The days that open up each new year always seem to bring about a sense of optimism; the slate is clean, and we resolve to solve all of our financial challenges, lose weight, and permanently get along with all those we love. These chimeras don't always come to fruition, of course, but there's always hope.
Legislatively, we're about to see at the state and local levels roughly 40,000 new laws and regulations kick in in 2014 most of which, if enforced, will diminish our freedoms nationwide. Thirteen states, for example, plan to raise the minimum wage. In SeaTac, Washington, the rate is scheduled to skyrocket to fifteen dollars an hour, more than double the federal rate. With history as the guide, this will be a job killer.
In Colorado, you can now buy an ounce of pot; in Oregon, you are prohibited from smoking tobacco in your car if children are present. In Illinois, no one under eighteen can use a tanning bed starting this week.
Parsing through the plethora of local laws facing Americans nationwide, it can safely be said that some of them stand a better chance of passing the freedom test than others. Employers in Rhode Island, for example, will no longer be able to ask whether or not prospective employees have a criminal record. In Colorado, if you decide to buy an electric car, you'll be paying fifty dollars a year to plug it in. And in Florida--get ready--early voting is being expanded. What could possibly go wrong?
Those of us who believe in federalism always like it when states and not Washington D.C. take the lead on passing new legislation. States are indeed the grand laboratories that teach us empirically what works and what doesn't. So the good news in this that states will spend the next year discovering just that. And if you happen to live in a state saturated with laws that make no sense, your recourse is to move out. That's the beauty of the 9th and 10th amendments to the Constitution; the powers of the federal government are, as Madison insisted, few and defined.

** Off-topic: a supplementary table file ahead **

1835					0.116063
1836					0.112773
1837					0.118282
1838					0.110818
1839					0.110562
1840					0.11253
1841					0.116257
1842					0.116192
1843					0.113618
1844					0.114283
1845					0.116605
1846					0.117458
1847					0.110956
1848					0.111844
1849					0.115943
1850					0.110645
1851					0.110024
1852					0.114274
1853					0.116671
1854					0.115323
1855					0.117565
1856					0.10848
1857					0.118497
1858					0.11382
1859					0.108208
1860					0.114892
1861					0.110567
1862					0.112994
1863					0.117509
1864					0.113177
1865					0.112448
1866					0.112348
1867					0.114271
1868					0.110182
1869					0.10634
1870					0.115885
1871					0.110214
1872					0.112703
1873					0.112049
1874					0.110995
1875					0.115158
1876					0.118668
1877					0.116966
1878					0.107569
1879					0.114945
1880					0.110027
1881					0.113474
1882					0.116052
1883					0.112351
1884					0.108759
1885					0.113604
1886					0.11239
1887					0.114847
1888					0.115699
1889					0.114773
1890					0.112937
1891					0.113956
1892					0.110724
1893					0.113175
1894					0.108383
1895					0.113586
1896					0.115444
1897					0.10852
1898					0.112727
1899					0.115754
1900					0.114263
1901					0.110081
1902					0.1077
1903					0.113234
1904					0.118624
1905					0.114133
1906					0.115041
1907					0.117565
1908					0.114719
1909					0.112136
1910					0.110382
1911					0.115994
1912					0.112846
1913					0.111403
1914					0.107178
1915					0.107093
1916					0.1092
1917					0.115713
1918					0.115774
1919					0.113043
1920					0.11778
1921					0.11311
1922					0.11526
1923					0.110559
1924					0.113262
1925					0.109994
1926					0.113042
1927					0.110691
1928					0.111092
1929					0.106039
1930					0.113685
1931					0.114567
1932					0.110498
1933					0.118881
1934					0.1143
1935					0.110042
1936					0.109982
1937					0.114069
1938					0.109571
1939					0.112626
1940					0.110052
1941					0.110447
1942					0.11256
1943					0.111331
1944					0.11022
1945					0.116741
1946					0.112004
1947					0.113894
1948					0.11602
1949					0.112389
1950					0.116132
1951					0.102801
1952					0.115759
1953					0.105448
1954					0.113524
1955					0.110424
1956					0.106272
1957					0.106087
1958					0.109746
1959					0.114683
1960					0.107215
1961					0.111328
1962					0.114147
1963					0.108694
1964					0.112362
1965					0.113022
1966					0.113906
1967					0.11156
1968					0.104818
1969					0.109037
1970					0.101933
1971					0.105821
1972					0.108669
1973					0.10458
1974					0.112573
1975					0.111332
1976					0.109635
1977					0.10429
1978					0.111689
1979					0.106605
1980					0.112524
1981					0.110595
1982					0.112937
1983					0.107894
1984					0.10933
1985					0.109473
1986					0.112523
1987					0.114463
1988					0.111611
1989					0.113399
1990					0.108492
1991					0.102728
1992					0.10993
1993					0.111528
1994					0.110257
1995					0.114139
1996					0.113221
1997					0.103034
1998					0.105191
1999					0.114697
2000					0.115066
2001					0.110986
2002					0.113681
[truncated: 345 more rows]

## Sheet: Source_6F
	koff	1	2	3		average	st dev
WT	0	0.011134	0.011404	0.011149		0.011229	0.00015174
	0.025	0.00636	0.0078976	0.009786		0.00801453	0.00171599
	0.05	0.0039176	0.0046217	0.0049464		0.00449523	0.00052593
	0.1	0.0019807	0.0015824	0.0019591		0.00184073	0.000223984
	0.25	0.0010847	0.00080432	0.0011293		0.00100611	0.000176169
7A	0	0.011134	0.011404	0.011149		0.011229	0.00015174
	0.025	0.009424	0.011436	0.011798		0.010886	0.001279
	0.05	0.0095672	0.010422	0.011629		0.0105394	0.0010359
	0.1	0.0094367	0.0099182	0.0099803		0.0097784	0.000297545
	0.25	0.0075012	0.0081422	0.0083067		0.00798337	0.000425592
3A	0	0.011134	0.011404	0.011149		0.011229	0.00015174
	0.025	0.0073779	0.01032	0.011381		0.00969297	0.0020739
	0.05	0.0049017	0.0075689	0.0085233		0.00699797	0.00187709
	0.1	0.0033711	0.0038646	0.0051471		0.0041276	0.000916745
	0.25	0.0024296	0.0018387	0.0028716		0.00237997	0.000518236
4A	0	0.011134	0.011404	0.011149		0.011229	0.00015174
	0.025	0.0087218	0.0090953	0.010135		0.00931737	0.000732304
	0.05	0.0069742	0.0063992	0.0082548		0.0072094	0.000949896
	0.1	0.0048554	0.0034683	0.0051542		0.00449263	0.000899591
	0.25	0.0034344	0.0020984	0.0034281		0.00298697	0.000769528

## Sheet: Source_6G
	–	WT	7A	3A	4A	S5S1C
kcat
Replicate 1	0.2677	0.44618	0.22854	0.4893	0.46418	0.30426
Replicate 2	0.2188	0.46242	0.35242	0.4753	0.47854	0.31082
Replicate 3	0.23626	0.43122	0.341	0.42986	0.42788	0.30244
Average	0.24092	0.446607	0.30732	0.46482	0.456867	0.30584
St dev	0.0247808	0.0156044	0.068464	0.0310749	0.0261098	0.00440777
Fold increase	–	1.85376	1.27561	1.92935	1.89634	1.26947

Still, it's troubling that so many states are set to implement so many stupid laws. It is their Constitutional right, but the lack of outrage at the local level about the content of some of these laws sheds a little light, perhaps, as to how Obama won two terms. The nanny state, in many parts of the nation, is alive and well in mindset.
The good news is, it's likely that the obnoxiousness and in some cases the failure of many of these new laws will complete the task started when Obama's big government machine went into full throttle. He scared most Americans by behaving as though all wisdom came from Washington. Philosophically, a majority of us recoil from such a notion. That's a procedural thing, though. Procedurally, the new laws being passed by states are being passed in the right place.
The problem is that philosophically, the laws offend in some cases the fundamental premises of economics and in other cases (like the you-can't-smoke-in-your-car law), the essence of liberty. What can be hoped in the new year as the recently passed laws get under way is that people, state by state, will become perturbed with Big Brother, however close to home he is, micromanaging the way they live their lives.
By: Will Anderson